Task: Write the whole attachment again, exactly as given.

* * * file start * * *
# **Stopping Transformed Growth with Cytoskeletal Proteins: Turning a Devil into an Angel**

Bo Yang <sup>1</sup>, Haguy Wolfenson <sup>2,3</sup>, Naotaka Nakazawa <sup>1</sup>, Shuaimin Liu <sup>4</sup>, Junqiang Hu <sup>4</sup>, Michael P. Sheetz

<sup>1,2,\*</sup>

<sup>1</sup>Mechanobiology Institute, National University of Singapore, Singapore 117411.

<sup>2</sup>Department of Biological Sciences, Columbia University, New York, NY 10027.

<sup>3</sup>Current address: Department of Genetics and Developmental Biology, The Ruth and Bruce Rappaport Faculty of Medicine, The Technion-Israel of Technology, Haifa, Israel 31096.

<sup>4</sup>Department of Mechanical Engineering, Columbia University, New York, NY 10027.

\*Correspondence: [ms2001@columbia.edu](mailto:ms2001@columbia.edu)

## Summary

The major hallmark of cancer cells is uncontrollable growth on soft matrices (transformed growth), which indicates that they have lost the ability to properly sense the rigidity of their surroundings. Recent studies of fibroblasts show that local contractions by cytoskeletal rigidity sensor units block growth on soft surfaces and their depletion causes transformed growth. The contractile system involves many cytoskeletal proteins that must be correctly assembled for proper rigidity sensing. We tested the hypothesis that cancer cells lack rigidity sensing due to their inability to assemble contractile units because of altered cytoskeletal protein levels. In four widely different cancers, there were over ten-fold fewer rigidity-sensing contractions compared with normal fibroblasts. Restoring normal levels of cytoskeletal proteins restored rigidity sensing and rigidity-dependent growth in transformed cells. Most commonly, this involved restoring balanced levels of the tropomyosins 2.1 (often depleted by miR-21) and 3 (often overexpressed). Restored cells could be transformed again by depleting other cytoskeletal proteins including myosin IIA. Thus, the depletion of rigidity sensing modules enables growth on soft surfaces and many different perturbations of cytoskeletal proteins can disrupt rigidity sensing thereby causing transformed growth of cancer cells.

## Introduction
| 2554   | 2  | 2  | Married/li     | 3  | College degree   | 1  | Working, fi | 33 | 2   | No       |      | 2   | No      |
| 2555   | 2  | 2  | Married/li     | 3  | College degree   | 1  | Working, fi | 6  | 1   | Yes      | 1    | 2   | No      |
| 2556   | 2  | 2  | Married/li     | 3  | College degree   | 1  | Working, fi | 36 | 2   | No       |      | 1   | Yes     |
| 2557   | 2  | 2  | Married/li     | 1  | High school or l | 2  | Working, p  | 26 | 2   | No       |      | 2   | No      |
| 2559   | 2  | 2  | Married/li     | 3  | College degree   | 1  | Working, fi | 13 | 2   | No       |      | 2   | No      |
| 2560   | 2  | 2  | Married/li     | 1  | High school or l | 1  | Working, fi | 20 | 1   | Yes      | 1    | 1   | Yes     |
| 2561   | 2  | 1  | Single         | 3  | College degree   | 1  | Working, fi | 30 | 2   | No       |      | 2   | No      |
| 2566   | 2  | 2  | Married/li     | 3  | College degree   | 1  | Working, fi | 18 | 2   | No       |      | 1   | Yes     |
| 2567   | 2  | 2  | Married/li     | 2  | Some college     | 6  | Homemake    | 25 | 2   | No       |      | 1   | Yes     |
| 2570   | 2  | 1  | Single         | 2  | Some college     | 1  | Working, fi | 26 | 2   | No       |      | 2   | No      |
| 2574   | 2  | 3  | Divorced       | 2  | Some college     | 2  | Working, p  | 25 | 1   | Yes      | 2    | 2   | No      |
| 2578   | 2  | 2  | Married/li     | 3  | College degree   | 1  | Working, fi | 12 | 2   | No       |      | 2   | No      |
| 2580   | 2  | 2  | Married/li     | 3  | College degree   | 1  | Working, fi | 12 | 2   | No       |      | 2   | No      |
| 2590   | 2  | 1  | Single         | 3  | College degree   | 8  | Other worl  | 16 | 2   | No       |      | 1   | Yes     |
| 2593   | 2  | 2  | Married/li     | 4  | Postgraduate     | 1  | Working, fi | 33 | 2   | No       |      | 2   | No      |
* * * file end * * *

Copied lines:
# **Stopping Transformed Growth with Cytoskeletal Proteins: Turning a Devil into an Angel**

Bo Yang <sup>1</sup>, Haguy Wolfenson <sup>2,3</sup>, Naotaka Nakazawa <sup>1</sup>, Shuaimin Liu <sup>4</sup>, Junqiang Hu <sup>4</sup>, Michael P. Sheetz

<sup>1,2,\*</sup>

<sup>1</sup>Mechanobiology Institute, National University of Singapore, Singapore 117411.

<sup>2</sup>Department of Biological Sciences, Columbia University, New York, NY 10027.

<sup>3</sup>Current address: Department of Genetics and Developmental Biology, The Ruth and Bruce Rappaport Faculty of Medicine, The Technion-Israel of Technology, Haifa, Israel 31096.

<sup>4</sup>Department of Mechanical Engineering, Columbia University, New York, NY 10027.

\*Correspondence: [ms2001@columbia.edu](mailto:ms2001@columbia.edu)

## Summary

The major hallmark of cancer cells is uncontrollable growth on soft matrices (transformed growth), which indicates that they have lost the ability to properly sense the rigidity of their surroundings. Recent studies of fibroblasts show that local contractions by cytoskeletal rigidity sensor units block growth on soft surfaces and their depletion causes transformed growth. The contractile system involves many cytoskeletal proteins that must be correctly assembled for proper rigidity sensing. We tested the hypothesis that cancer cells lack rigidity sensing due to their inability to assemble contractile units because of altered cytoskeletal protein levels. In four widely different cancers, there were over ten-fold fewer rigidity-sensing contractions compared with normal fibroblasts. Restoring normal levels of cytoskeletal proteins restored rigidity sensing and rigidity-dependent growth in transformed cells. Most commonly, this involved restoring balanced levels of the tropomyosins 2.1 (often depleted by miR-21) and 3 (often overexpressed). Restored cells could be transformed again by depleting other cytoskeletal proteins including myosin IIA. Thus, the depletion of rigidity sensing modules enables growth on soft surfaces and many different perturbations of cytoskeletal proteins can disrupt rigidity sensing thereby causing transformed growth of cancer cells.

## Introduction
| 2554   | 2  | 2  | Married/li     | 3  | College degree   | 1  | Working, fi | 33 | 2   | No       |      | 2   | No      |
| 2555   | 2  | 2  | Married/li     | 3  | College degree   | 1  | Working, fi | 6  | 1   | Yes      | 1    | 2   | No      |
| 2556   | 2  | 2  | Married/li     | 3  | College degree   | 1  | Working, fi | 36 | 2   | No       |      | 1   | Yes     |
| 2557   | 2  | 2  | Married/li     | 1  | High school or l | 2  | Working, p  | 26 | 2   | No       |      | 2   | No      |
| 2559   | 2  | 2  | Married/li     | 3  | College degree   | 1  | Working, fi | 13 | 2   | No       |      | 2   | No      |
| 2560   | 2  | 2  | Married/li     | 1  | High school or l | 1  | Working, fi | 20 | 1   | Yes      | 1    | 1   | Yes     |
| 2561   | 2  | 1  | Single         | 3  | College degree   | 1  | Working, fi | 30 | 2   | No       |      | 2   | No      |
| 2566   | 2  | 2  | Married/li     | 3  | College degree   | 1  | Working, fi | 18 | 2   | No       |      | 1   | Yes     |
| 2567   | 2  | 2  | Married/li     | 2  | Some college     | 6  | Homemake    | 25 | 2   | No       |      | 1   | Yes     |
| 2570   | 2  | 1  | Single         | 2  | Some college     | 1  | Working, fi | 26 | 2   | No       |      | 2   | No      |
| 2574   | 2  | 3  | Divorced       | 2  | Some college     | 2  | Working, p  | 25 | 1   | Yes      | 2    | 2   | No      |
| 2578   | 2  | 2  | Married/li     | 3  | College degree   | 1  | Working, fi | 12 | 2   | No       |      | 2   | No      |
| 2580   | 2  | 2  | Married/li     | 3  | College degree   | 1  | Working, fi | 12 | 2   | No       |      | 2   | No      |
| 2590   | 2  | 1  | Single         | 3  | College degree   | 8  | Other worl  | 16 | 2   | No       |      | 1   | Yes     |
| 2593   | 2  | 2  | Married/li     | 4  | Postgraduate     | 1  | Working, fi | 33 | 2   | No       |      | 2   | No      |